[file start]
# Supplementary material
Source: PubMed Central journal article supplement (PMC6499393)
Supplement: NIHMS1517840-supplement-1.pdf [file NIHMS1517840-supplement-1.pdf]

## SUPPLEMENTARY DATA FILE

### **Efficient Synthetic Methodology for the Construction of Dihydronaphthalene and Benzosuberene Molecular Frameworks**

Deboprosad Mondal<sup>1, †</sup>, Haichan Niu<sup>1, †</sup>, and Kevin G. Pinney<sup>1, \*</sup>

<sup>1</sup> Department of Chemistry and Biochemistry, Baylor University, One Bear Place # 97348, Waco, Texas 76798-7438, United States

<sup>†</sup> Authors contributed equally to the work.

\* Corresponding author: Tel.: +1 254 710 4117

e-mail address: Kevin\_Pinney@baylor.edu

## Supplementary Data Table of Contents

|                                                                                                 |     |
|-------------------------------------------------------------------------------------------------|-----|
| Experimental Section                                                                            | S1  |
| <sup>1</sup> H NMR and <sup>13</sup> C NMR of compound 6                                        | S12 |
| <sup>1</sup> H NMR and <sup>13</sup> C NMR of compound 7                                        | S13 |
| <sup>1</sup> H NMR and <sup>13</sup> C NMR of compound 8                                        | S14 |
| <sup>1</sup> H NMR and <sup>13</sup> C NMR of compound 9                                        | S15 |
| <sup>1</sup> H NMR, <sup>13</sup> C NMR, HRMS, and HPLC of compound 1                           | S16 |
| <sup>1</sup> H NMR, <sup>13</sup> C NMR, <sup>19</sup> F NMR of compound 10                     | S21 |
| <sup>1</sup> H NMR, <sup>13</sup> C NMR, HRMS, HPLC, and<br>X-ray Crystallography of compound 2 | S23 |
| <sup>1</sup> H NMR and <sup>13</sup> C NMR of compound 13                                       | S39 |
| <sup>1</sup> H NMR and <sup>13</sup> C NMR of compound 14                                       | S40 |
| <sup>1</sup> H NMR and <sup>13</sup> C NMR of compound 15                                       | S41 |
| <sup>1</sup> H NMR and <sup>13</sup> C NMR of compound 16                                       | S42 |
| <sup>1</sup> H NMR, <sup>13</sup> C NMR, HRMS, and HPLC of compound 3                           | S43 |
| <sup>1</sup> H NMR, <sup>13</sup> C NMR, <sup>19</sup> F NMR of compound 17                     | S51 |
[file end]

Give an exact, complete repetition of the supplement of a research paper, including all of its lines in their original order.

# Supplementary material
Source: PubMed Central journal article supplement (PMC6499393)
Supplement: NIHMS1517840-supplement-1.pdf [file NIHMS1517840-supplement-1.pdf]

## SUPPLEMENTARY DATA FILE

### **Efficient Synthetic Methodology for the Construction of Dihydronaphthalene and Benzosuberene Molecular Frameworks**

Deboprosad Mondal<sup>1, †</sup>, Haichan Niu<sup>1, †</sup>, and Kevin G. Pinney<sup>1, \*</sup>

<sup>1</sup> Department of Chemistry and Biochemistry, Baylor University, One Bear Place # 97348, Waco, Texas 76798-7438, United States

<sup>†</sup> Authors contributed equally to the work.

\* Corresponding author: Tel.: +1 254 710 4117

e-mail address: Kevin\_Pinney@baylor.edu

## Supplementary Data Table of Contents

|                                                                                                 |     |
|-------------------------------------------------------------------------------------------------|-----|
| Experimental Section                                                                            | S1  |
| <sup>1</sup> H NMR and <sup>13</sup> C NMR of compound 6                                        | S12 |
| <sup>1</sup> H NMR and <sup>13</sup> C NMR of compound 7                                        | S13 |
| <sup>1</sup> H NMR and <sup>13</sup> C NMR of compound 8                                        | S14 |
| <sup>1</sup> H NMR and <sup>13</sup> C NMR of compound 9                                        | S15 |
| <sup>1</sup> H NMR, <sup>13</sup> C NMR, HRMS, and HPLC of compound 1                           | S16 |
| <sup>1</sup> H NMR, <sup>13</sup> C NMR, <sup>19</sup> F NMR of compound 10                     | S21 |
| <sup>1</sup> H NMR, <sup>13</sup> C NMR, HRMS, HPLC, and<br>X-ray Crystallography of compound 2 | S23 |
| <sup>1</sup> H NMR and <sup>13</sup> C NMR of compound 13                                       | S39 |
| <sup>1</sup> H NMR and <sup>13</sup> C NMR of compound 14                                       | S40 |
| <sup>1</sup> H NMR and <sup>13</sup> C NMR of compound 15                                       | S41 |
| <sup>1</sup> H NMR and <sup>13</sup> C NMR of compound 16                                       | S42 |
| <sup>1</sup> H NMR, <sup>13</sup> C NMR, HRMS, and HPLC of compound 3                           | S43 |
| <sup>1</sup> H NMR, <sup>13</sup> C NMR, <sup>19</sup> F NMR of compound 17                     | S51 |